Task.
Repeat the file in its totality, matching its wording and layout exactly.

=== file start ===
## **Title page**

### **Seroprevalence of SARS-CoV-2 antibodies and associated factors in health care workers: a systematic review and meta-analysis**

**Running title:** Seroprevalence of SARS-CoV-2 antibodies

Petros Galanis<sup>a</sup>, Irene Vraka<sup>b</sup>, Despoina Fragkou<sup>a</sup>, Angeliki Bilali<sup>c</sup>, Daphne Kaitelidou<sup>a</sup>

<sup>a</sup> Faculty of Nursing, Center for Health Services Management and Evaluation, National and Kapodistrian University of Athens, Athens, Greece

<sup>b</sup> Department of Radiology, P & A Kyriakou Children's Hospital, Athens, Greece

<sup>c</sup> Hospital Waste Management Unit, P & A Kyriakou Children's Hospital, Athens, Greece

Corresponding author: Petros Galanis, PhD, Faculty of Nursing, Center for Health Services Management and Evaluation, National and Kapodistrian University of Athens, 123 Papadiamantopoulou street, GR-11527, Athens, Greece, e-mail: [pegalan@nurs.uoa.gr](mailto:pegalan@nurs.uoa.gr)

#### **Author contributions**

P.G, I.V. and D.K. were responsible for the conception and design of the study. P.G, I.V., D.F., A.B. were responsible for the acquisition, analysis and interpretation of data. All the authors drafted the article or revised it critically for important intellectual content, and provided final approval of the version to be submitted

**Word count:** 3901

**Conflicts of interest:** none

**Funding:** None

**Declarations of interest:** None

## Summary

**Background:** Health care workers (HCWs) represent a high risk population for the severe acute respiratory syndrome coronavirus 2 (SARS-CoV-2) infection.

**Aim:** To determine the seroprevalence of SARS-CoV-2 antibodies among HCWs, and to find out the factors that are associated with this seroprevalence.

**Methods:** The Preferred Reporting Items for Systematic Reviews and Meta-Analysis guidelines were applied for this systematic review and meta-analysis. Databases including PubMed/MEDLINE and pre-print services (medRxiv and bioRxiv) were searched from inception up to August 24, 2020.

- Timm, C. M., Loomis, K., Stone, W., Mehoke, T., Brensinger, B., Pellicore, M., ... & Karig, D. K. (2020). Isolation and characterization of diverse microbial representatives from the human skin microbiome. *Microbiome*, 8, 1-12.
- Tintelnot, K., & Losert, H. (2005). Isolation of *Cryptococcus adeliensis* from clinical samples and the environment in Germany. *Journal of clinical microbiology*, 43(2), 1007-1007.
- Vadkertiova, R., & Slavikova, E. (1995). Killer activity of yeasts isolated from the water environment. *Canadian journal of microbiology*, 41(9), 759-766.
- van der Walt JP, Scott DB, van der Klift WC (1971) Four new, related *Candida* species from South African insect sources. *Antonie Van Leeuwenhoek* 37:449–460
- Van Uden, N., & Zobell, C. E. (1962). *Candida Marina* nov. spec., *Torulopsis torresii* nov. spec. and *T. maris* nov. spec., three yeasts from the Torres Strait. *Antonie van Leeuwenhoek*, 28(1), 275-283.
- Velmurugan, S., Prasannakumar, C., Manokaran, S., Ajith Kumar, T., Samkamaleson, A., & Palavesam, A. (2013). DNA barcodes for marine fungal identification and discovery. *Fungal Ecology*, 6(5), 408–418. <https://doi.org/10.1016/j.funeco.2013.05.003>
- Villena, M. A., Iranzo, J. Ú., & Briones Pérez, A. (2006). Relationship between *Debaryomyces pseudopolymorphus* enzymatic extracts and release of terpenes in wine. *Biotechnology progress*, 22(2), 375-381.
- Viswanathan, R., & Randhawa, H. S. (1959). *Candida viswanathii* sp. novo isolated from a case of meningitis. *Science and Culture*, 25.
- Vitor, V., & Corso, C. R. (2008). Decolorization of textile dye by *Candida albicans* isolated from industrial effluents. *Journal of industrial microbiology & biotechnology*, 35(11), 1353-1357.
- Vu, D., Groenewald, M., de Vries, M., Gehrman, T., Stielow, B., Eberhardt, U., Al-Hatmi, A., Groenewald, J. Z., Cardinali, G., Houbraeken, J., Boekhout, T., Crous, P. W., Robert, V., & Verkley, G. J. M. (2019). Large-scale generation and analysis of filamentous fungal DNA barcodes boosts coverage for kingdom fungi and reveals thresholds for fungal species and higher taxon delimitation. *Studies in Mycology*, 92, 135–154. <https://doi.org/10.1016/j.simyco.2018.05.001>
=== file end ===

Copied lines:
## **Title page**

### **Seroprevalence of SARS-CoV-2 antibodies and associated factors in health care workers: a systematic review and meta-analysis**

**Running title:** Seroprevalence of SARS-CoV-2 antibodies

Petros Galanis<sup>a</sup>, Irene Vraka<sup>b</sup>, Despoina Fragkou<sup>a</sup>, Angeliki Bilali<sup>c</sup>, Daphne Kaitelidou<sup>a</sup>

<sup>a</sup> Faculty of Nursing, Center for Health Services Management and Evaluation, National and Kapodistrian University of Athens, Athens, Greece

<sup>b</sup> Department of Radiology, P & A Kyriakou Children's Hospital, Athens, Greece

<sup>c</sup> Hospital Waste Management Unit, P & A Kyriakou Children's Hospital, Athens, Greece

Corresponding author: Petros Galanis, PhD, Faculty of Nursing, Center for Health Services Management and Evaluation, National and Kapodistrian University of Athens, 123 Papadiamantopoulou street, GR-11527, Athens, Greece, e-mail: [pegalan@nurs.uoa.gr](mailto:pegalan@nurs.uoa.gr)

#### **Author contributions**

P.G, I.V. and D.K. were responsible for the conception and design of the study. P.G, I.V., D.F., A.B. were responsible for the acquisition, analysis and interpretation of data. All the authors drafted the article or revised it critically for important intellectual content, and provided final approval of the version to be submitted

**Word count:** 3901

**Conflicts of interest:** none

**Funding:** None

**Declarations of interest:** None

## Summary

**Background:** Health care workers (HCWs) represent a high risk population for the severe acute respiratory syndrome coronavirus 2 (SARS-CoV-2) infection.

**Aim:** To determine the seroprevalence of SARS-CoV-2 antibodies among HCWs, and to find out the factors that are associated with this seroprevalence.

**Methods:** The Preferred Reporting Items for Systematic Reviews and Meta-Analysis guidelines were applied for this systematic review and meta-analysis. Databases including PubMed/MEDLINE and pre-print services (medRxiv and bioRxiv) were searched from inception up to August 24, 2020.

- Timm, C. M., Loomis, K., Stone, W., Mehoke, T., Brensinger, B., Pellicore, M., ... & Karig, D. K. (2020). Isolation and characterization of diverse microbial representatives from the human skin microbiome. *Microbiome*, 8, 1-12.
- Tintelnot, K., & Losert, H. (2005). Isolation of *Cryptococcus adeliensis* from clinical samples and the environment in Germany. *Journal of clinical microbiology*, 43(2), 1007-1007.
- Vadkertiova, R., & Slavikova, E. (1995). Killer activity of yeasts isolated from the water environment. *Canadian journal of microbiology*, 41(9), 759-766.
- van der Walt JP, Scott DB, van der Klift WC (1971) Four new, related *Candida* species from South African insect sources. *Antonie Van Leeuwenhoek* 37:449–460
- Van Uden, N., & Zobell, C. E. (1962). *Candida Marina* nov. spec., *Torulopsis torresii* nov. spec. and *T. maris* nov. spec., three yeasts from the Torres Strait. *Antonie van Leeuwenhoek*, 28(1), 275-283.
- Velmurugan, S., Prasannakumar, C., Manokaran, S., Ajith Kumar, T., Samkamaleson, A., & Palavesam, A. (2013). DNA barcodes for marine fungal identification and discovery. *Fungal Ecology*, 6(5), 408–418. <https://doi.org/10.1016/j.funeco.2013.05.003>
- Villena, M. A., Iranzo, J. Ú., & Briones Pérez, A. (2006). Relationship between *Debaryomyces pseudopolymorphus* enzymatic extracts and release of terpenes in wine. *Biotechnology progress*, 22(2), 375-381.
- Viswanathan, R., & Randhawa, H. S. (1959). *Candida viswanathii* sp. novo isolated from a case of meningitis. *Science and Culture*, 25.
- Vitor, V., & Corso, C. R. (2008). Decolorization of textile dye by *Candida albicans* isolated from industrial effluents. *Journal of industrial microbiology & biotechnology*, 35(11), 1353-1357.
- Vu, D., Groenewald, M., de Vries, M., Gehrman, T., Stielow, B., Eberhardt, U., Al-Hatmi, A., Groenewald, J. Z., Cardinali, G., Houbraeken, J., Boekhout, T., Crous, P. W., Robert, V., & Verkley, G. J. M. (2019). Large-scale generation and analysis of filamentous fungal DNA barcodes boosts coverage for kingdom fungi and reveals thresholds for fungal species and higher taxon delimitation. *Studies in Mycology*, 92, 135–154. <https://doi.org/10.1016/j.simyco.2018.05.001>